The bones of 16th century astronomer Tycho Brahe werereburied today (Nov. 19) after nearly a week of analysis by archaeologistshoping to find clues to the celebrated Danish scientist's medical history andsudden death. ?
A team of Danish and Czech archaeologists, doctors, chemistsand medical anthropologists is overseeing the TychoBrahe project, which hopes to use DNA testing and other modern diagnostictools to learn as much as possible about Brahe's medical history, life and untimelydeath.
They exhumed Brahe's remains from a tomb at the Church ofOur Lady Before T?n (also known as T?n Church) in Prague on Monday (Nov. 15)and spent four days analyzing the astronomer's skull and other bones, as wellas scraps of his burial suit and mustache. [Photo: Skull of Danish astronomer TychoBrahe]
Brahe was buried in the tomb after his death in 1601.Thegrave was exhumed once before in 1901.
Work on the Tycho Brahe Project is under way at severallocations in Prague, the capital city of the Czech Republic. A CT scan wasperformed on Brahe's bones before the skeletal remains were returned to thelaboratory at the Czech National Museum, where they were photographedthoroughly.
Physical descriptions of the remains were also made bymedical anthropologists, in addition to preparatory work for investigations tobe carried out at a later date.
Brahe was a prolific astronomer best known for making themost accurate measurements of stars and planets withoutthe aid of a telescope.
During his career, he catalogued more than 1,000 stars,discovering a new star in the constellation Cassiopeia (actuallya supernova explosion) in 1527, proving that comets are objects in spaceand not in Earth's atmosphere. He also hired another famous scientist ?Johannes Kepler ? as his assistant, according to NASA records.
Brahe is also known for having a silver prosthetic nosepiece after losing part of his own nose in a duel. [Top 10 MadScientists]
Historians had long thought that Brahe died of a bladderinfection, but recent tests have suggested that mercury poisoning may have beenthe cause of his death, according to media reports. The samples collected fromBrahe's remains could help settle that question.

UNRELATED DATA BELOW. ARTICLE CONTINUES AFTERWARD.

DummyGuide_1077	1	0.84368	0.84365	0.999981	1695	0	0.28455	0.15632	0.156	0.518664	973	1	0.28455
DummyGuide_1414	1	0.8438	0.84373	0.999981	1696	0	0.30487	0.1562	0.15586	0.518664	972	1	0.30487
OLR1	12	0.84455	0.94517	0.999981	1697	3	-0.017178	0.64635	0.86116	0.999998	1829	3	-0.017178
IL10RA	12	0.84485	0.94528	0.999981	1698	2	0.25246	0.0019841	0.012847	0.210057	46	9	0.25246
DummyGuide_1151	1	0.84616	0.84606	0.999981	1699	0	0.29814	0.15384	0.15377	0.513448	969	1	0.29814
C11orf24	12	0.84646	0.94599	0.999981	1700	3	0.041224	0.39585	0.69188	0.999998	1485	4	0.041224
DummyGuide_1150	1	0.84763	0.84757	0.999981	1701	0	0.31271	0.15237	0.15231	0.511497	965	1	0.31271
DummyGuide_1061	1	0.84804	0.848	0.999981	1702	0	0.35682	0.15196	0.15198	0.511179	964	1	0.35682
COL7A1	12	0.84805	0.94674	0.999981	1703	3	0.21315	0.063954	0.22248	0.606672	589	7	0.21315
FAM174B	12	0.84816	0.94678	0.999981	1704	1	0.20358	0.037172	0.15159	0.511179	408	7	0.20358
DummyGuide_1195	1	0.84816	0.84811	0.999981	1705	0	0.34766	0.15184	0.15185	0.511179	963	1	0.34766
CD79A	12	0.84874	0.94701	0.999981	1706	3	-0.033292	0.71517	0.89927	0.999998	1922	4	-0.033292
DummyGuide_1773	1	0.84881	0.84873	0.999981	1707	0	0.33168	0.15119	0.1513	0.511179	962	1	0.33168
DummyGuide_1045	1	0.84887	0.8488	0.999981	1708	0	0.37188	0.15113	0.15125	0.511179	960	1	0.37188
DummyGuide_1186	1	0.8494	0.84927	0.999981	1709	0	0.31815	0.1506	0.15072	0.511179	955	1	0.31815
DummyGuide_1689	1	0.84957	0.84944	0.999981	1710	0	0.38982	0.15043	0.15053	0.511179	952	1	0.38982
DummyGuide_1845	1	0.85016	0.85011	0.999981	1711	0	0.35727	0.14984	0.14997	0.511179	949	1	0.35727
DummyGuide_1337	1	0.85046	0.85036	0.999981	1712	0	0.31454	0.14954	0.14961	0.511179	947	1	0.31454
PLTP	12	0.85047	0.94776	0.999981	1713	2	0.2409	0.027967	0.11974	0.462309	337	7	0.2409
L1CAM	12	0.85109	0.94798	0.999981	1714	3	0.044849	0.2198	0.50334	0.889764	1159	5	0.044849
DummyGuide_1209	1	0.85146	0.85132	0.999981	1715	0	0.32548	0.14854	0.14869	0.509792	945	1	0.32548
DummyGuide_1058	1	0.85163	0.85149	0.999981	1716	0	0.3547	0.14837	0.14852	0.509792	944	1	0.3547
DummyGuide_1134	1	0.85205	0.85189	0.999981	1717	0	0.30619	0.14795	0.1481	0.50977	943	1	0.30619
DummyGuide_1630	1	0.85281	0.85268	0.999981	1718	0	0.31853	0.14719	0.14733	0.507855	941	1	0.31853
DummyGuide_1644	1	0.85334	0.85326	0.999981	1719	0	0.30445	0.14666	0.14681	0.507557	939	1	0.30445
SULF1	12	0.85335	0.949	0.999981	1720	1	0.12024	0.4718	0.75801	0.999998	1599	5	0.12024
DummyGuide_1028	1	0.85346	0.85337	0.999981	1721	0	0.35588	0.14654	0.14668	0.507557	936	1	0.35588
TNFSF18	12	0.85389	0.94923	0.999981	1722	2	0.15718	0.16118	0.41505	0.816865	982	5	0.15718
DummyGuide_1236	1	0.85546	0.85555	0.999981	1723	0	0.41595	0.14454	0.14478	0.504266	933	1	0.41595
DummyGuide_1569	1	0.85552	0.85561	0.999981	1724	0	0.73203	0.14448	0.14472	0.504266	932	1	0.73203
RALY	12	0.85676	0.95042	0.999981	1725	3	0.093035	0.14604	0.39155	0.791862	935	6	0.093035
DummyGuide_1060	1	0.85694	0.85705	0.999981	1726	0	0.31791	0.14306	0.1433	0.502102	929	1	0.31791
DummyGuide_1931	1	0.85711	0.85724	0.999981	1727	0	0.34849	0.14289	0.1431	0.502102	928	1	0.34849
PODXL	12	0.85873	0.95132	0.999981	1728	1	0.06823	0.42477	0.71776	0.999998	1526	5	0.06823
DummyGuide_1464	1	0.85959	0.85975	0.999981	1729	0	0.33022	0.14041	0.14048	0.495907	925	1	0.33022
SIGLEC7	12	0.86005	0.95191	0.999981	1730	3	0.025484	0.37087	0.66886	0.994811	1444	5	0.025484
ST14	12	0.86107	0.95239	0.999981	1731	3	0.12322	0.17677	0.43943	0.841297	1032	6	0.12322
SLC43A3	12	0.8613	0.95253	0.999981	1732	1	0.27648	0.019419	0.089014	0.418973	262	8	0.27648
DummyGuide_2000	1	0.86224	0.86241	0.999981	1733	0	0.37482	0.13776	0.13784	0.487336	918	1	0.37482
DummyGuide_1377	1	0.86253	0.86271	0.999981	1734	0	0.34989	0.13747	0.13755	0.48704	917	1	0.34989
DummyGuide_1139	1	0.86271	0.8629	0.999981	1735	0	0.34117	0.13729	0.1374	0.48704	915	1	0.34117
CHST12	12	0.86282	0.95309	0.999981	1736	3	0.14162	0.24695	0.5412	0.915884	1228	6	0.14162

Brahe was 54 years old at the time of his death.
The remains of several other individuals have beendiscovered in the crypt, and Czech archaeologists are carrying out tests onwhat they think could be a small number of Brahe's wife's bones, who was buriedat the astronomer's side in 1604, three years after his own death.
The condition of Brahe's remains, which had been undisturbedfor 109 years, were unknown to the project scientists before the exhumation. Overthe course of the week the researchers found Brahe's burial garments were inbetter condition than expected.
The team is interested in recovering shreds of Brahe'sburial suit, which could allow them to reconstruct the astronomer'saristocratic outfit in patterned silk.
"We are already able to state that the clothes were nothis usual clothes but a costume made specially for the burial, as the seamsconsist of very large stitches," said research team leader Jens Vellev ofAarhus University in Arhus, Denmark.
Today, Brahe's bones were due to be placed back inside thewell-preserved tin coffin and resealed at the laboratory. A ceremony was plannedto mark the reburial of the astronomer at T?n Church.
"We look forward to the ceremony on Friday, where weare likely to see many guests from both the Czech Republic and Denmark,"Vellev said.
The service will be conducted by the archbishop of Prague,and the Danish minister of Ecclesiastical Affairs, Birthe R?nn Hornbech, was expectedto give a speech about Brahe.
The results from the Tycho Brahe project will be releasedsometime in 2011.
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